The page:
Flashbacks reveal that Nick and Amy met at a party, and began a relationship after having sex later that night. At their engagement party, Amy reveals to Nick the secrets of her parents' books, remarking how Amazing Amy's perfect behavior seemingly made up for the real Amy's mistakes. Over time, Nick and Amy's marriage disintegrated; both lost their jobs in the recession and moved from New York City to Nick's hometown of North Carthage, Missouri. Nick became lazy and distant, and began cheating on Amy with Andie Fitzgerald, one of his students. Boney unearths evidence of financial troubles and domestic disputes, and a witness states that Amy wanted to purchase a gun. She also finds a medical report indicating that Amy is pregnant, of which Nick denies knowledge, and a diary supposedly written by Amy highlighting her growing isolation, ominously ending with the fear that Nick will kill her.

Amy is revealed to be alive and well, having changed her appearance and gone into hiding in a distant campground in the Ozarks. Upon learning that Nick was cheating on her, she resolved to punish him by framing him for her murder. Amy plans the framing in great detail: she befriends a pregnant neighbor to steal her urine for the pregnancy test, drains her own blood to leave traces of evidence of murder and fabricates a diary describing her fear of Nick. She also has Nick unknowingly increase her life insurance so it looks like he murdered her for the money. By using the clues in a "treasure hunt" game she and Nick play on their anniversary, she ensures he visits places where she has planted the corroborating evidence of Nick's guilt for the police to discover. She anticipates Nick will be convicted and executed for her murder, and contemplates committing suicide after his conviction.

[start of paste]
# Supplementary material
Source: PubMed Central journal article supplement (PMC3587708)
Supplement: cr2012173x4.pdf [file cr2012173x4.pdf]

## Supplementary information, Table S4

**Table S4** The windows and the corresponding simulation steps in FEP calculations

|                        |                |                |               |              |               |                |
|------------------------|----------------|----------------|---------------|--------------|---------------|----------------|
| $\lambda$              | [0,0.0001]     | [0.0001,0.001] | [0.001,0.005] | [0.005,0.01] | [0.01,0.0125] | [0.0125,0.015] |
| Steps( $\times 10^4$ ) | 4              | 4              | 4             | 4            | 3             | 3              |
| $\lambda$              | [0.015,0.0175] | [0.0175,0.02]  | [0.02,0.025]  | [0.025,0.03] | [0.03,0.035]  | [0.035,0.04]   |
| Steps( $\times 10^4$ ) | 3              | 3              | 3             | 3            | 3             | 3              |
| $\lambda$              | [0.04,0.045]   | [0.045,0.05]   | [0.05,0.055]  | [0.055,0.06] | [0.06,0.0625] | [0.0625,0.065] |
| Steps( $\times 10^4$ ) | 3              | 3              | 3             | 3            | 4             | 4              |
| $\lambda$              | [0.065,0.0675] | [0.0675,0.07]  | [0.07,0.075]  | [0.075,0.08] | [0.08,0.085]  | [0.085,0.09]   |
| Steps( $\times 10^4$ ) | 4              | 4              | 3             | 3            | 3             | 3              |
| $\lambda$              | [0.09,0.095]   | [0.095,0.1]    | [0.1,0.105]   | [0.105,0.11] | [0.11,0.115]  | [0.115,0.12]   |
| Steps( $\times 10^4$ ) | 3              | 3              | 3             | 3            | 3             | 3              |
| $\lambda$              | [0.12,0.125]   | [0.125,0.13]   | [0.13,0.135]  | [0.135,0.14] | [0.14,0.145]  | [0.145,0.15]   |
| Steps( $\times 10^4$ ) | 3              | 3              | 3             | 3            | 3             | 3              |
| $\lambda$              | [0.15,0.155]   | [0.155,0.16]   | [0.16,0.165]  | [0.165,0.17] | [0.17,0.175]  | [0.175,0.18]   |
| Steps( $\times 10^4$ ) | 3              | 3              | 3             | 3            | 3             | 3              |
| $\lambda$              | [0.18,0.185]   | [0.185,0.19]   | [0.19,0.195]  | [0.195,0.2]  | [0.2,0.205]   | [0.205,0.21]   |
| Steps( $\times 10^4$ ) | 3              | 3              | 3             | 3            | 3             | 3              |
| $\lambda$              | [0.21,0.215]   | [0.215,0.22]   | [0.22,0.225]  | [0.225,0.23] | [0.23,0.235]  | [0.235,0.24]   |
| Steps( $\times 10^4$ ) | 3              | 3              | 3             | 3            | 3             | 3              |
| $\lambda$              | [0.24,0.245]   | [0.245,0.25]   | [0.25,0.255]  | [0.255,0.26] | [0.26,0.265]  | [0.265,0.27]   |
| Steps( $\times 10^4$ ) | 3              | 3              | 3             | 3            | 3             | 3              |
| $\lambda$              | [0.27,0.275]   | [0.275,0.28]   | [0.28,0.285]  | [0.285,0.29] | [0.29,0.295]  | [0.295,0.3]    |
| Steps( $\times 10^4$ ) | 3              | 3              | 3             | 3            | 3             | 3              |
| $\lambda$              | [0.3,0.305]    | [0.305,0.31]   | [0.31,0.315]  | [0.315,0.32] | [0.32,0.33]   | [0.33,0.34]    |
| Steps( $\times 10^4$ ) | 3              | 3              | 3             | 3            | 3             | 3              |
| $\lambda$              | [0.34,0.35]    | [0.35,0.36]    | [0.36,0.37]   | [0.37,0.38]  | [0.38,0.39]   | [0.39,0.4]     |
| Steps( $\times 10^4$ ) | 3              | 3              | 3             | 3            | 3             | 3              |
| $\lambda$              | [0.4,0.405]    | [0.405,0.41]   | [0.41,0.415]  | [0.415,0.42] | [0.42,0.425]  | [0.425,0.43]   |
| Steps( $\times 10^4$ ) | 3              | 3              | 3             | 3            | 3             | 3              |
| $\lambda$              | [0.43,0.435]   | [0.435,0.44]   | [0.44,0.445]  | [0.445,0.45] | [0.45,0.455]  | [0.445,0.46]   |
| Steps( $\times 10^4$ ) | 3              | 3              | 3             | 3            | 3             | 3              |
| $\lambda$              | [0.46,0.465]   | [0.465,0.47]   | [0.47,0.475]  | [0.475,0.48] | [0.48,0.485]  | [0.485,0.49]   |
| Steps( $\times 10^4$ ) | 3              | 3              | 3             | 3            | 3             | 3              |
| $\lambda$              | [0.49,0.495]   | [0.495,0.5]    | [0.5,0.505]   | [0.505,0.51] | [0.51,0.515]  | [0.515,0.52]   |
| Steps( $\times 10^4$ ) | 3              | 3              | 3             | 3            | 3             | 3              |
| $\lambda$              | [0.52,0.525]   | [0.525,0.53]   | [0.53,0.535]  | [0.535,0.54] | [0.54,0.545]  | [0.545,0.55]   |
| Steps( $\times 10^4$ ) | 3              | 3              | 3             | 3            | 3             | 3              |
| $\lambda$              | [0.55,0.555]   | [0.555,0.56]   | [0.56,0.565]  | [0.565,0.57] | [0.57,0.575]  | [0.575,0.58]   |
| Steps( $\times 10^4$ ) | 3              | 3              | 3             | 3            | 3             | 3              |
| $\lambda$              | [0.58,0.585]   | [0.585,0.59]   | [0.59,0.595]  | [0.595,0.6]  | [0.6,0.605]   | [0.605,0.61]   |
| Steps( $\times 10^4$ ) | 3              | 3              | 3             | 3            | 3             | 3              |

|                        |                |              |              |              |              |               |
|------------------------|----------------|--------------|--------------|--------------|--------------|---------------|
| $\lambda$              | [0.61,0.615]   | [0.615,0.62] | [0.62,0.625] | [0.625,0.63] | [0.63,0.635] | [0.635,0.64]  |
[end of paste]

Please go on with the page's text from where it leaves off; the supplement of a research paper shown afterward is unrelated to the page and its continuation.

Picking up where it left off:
Nick hires Tanner Bolt, a lawyer who specializes in defending men accused of killing or raping their wives. While investigating, Nick meets with Amy's ex-boyfriend Tommy O'Hara, who says that Amy falsely accused him of rape long ago, hurting herself and planting evidence around his house to ensure conviction. The two gradually deduce Amy's plan. Nick also approaches another ex-boyfriend, the wealthy Desi Collings, who Amy previously filed a restraining order against, but Desi refuses to share any details. When Amy's neighbors at the campground rob her of her remaining money, she calls Desi and convinces him that she ran away from Nick because he was abusing her. He agrees to hide her in his lake house, which is equipped with surveillance cameras.